Three years after it closed, an Arena school is now an apartment, food pantry and more

Published: Oct. 23, 2021 at 10:11 PM CDT
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ARENA, Wis. (WMTV) - Tina Amble has found her “home sweet home” inside the old school where she sent all three of her kids.

The Arena Community Elementary School shut down in 2018 due to consolidation, according to the Arena Historical Society. But since the property was acquired by developers in 2019, the building has reopened to the community.

An open house on Saturday showed the Arena School Apartments to the public. Classrooms had turned into 11 one-bedroom units as the hallway kept the look of orange and yellow cubbies.

“Students would put their boots or backpacks... and we’re like, ‘We’re just going to leave it as much like it was the last day school,’” Sean Crook of ACES Property Management, LLC, said.

Amble pointed to the hallway art above her door, explaining, “In fourth grade, I believe it was, all the kids painted the ceiling panel for art class. My daughter’s is the one right here.”

Crook said he noticed a lack of affordable rental options in the area. “We looked into what it was going to take to turn this building into something that would be useful for the community,” he said.

The Wisconsin Economic Development Corporation awarded a 250 thousand dollar grant for the project.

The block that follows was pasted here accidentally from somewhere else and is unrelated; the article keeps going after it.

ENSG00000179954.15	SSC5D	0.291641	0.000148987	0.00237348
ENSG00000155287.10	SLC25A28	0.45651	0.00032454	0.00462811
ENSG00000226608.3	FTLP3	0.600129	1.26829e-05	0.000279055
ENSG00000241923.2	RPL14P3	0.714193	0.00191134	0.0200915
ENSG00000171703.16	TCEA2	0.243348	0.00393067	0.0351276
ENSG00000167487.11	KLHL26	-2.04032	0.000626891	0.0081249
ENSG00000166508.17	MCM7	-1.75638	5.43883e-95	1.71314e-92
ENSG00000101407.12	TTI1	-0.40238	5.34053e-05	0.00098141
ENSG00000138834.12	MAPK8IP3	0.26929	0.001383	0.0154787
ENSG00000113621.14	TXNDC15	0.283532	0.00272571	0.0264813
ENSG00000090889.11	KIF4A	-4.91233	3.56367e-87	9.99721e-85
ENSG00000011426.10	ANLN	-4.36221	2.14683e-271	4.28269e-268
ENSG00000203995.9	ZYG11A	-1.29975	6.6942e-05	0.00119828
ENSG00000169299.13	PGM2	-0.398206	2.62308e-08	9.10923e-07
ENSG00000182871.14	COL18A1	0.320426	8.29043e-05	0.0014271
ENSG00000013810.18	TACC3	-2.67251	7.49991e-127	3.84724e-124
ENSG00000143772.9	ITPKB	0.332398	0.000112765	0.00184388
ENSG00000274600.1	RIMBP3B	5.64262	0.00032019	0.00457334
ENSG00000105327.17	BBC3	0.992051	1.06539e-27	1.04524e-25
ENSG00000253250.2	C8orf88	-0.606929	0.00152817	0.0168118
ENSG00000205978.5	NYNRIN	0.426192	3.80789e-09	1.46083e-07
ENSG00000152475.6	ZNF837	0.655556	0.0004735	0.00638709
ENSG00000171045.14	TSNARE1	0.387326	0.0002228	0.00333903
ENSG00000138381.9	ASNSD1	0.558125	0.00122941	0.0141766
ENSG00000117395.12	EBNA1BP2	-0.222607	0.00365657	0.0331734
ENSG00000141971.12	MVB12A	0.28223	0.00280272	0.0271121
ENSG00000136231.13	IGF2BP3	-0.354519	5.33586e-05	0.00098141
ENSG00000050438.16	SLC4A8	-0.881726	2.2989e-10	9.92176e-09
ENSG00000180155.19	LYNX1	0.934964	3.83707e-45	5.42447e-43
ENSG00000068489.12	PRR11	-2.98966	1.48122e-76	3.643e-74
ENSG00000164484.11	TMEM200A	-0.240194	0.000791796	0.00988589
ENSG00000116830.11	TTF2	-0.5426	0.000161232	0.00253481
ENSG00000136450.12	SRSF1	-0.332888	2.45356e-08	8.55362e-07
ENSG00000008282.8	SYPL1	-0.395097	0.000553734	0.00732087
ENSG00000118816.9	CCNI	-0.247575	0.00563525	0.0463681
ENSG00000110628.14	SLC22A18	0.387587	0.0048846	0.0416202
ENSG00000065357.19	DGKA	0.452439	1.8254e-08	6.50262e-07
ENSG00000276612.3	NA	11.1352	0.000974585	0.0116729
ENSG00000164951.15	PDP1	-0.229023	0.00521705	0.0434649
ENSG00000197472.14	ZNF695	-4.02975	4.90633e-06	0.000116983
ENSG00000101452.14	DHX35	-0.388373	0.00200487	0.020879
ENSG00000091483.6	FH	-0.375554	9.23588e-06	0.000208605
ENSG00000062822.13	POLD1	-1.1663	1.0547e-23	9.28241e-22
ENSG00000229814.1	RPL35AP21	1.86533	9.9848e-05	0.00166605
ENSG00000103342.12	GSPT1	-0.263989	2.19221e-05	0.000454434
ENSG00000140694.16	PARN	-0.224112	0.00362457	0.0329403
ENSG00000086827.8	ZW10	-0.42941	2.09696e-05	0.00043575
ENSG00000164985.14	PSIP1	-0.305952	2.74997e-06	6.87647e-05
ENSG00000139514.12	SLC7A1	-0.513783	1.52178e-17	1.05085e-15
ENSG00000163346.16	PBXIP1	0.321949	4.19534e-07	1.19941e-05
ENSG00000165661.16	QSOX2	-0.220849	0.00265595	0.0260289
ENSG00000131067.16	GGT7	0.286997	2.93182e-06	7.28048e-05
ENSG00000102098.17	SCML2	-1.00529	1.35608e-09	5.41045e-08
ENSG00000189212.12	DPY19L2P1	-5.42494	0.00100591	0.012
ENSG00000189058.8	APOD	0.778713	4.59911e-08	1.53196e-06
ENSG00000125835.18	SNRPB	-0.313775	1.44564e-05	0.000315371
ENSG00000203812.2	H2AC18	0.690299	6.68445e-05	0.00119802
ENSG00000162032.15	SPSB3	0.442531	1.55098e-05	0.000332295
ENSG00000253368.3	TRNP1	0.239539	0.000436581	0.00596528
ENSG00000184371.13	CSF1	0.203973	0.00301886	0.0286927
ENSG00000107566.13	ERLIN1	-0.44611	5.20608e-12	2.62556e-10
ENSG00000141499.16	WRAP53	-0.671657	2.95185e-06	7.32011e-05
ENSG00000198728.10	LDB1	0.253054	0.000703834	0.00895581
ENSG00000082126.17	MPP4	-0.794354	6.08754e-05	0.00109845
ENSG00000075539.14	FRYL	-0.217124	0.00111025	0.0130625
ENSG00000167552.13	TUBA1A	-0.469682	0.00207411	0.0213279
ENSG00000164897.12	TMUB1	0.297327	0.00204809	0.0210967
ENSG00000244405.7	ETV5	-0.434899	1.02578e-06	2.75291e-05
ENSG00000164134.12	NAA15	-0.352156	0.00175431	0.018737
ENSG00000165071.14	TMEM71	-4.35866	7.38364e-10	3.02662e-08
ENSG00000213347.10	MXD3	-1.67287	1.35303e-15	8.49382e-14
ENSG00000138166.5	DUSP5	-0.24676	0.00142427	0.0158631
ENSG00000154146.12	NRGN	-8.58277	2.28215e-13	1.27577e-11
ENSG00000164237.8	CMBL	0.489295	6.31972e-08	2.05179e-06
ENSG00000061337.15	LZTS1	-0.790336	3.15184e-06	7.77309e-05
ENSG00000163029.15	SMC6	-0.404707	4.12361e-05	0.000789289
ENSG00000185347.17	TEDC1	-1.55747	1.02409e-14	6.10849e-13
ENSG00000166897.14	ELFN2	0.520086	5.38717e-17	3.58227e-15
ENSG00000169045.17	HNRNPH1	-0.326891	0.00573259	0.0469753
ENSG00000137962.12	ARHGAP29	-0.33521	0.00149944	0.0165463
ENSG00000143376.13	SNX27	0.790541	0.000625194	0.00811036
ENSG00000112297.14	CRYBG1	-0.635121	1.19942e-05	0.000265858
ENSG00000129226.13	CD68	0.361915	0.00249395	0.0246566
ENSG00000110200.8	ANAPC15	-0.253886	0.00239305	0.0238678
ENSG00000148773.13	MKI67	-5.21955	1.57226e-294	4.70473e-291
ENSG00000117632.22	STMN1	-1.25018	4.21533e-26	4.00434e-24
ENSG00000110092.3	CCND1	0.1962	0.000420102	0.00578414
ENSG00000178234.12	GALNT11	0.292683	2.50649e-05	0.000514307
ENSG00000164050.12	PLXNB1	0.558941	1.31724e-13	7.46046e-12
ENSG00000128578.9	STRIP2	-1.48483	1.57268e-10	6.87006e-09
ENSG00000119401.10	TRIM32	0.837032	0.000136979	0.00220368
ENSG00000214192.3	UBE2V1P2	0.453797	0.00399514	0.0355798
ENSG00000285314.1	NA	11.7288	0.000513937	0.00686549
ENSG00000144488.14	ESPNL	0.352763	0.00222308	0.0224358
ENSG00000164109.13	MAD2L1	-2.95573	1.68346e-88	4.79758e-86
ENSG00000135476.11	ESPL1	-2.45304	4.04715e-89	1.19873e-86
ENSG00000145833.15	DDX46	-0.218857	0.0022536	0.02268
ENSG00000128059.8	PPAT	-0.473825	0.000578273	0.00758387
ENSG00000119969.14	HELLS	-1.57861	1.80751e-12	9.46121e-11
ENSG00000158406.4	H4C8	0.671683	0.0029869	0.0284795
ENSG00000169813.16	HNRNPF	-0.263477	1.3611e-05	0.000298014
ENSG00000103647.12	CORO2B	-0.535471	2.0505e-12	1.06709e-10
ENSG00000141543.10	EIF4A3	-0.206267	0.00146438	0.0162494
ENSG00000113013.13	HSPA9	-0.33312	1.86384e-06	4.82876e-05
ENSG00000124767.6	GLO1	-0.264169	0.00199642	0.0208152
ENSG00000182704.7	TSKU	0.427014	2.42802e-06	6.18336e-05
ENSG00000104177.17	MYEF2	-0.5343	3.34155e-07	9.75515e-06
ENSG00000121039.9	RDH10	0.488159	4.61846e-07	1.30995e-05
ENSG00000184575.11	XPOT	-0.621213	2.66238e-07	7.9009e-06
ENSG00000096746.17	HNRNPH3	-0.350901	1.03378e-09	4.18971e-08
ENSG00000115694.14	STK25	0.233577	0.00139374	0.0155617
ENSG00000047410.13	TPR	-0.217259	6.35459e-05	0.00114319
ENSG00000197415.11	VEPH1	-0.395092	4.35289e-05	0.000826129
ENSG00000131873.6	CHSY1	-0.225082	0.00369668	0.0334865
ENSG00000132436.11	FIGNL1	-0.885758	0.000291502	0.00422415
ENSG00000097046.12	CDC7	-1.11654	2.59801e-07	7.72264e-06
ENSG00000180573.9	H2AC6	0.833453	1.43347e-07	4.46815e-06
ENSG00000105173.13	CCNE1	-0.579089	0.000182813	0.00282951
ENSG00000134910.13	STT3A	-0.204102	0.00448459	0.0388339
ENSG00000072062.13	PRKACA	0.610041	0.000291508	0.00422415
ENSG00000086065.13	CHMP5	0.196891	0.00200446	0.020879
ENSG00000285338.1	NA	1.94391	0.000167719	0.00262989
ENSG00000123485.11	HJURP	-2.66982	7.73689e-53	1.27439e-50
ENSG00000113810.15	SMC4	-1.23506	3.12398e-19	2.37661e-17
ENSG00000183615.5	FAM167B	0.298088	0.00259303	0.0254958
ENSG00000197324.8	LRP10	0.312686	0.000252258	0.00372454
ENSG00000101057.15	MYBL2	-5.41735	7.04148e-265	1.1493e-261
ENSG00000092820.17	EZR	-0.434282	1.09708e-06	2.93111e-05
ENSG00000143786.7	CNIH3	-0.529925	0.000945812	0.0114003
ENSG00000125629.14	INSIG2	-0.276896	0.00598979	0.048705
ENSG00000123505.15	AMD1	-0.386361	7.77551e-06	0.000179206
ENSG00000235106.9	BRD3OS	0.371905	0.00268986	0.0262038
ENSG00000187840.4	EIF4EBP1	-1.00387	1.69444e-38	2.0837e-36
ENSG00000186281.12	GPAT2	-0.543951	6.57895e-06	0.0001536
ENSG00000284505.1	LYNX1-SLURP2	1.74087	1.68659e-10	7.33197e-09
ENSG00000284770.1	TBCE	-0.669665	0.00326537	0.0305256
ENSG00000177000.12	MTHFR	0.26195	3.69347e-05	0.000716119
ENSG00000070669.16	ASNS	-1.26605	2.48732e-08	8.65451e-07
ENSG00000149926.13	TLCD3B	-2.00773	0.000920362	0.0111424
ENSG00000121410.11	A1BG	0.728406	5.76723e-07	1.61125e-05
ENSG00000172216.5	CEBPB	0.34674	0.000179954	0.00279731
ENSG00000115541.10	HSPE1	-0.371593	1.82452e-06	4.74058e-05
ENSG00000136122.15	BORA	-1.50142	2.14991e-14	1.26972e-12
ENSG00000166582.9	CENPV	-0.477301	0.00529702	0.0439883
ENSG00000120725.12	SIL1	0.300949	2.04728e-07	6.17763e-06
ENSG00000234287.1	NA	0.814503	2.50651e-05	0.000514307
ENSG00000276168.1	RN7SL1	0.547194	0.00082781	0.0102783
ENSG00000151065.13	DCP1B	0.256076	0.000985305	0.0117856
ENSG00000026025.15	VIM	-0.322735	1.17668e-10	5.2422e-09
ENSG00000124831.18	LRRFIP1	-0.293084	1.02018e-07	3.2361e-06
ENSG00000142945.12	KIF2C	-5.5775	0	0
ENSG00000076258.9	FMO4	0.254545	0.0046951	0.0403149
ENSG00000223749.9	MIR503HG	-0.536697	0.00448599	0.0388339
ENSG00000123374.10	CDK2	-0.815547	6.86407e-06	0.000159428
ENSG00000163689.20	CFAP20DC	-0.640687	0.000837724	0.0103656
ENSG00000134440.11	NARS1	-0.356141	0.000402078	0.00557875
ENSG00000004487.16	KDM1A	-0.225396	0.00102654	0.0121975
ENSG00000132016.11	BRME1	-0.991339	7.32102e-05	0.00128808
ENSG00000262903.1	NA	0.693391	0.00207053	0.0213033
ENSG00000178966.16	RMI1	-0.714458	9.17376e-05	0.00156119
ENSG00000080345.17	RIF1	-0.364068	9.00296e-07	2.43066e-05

Missy Hughes, secretary and CEO of WEDC, said in August, “This project will not only bring new housing to Arena but will add to the quality of life and sense of community.”

Down the hall from the tenants, the historical society also found a home, a gift from the property owners. “It was sad to see the school close, of course,” the group’s president Steve Harrington said. “[But] it’s of use now. Our historical society has this area. People are satisfied.”

ACES also donated space to the Arena Food Pantry, and according to WEDC, Hardcore Tumbling and Gymnastics is leasing another part of the building.

“These guys took it upon themselves to recreate a space that incorporates the community,” Ray Porter, site manager of the food pantry, said.

He continued, “All of us, myself included, went to school here one time or another. The whole community is really aware of the building, and to keep the community part of it was really important.”

The hope, Crook said, is “to have this as a... center for the community for the next umpteen years.”

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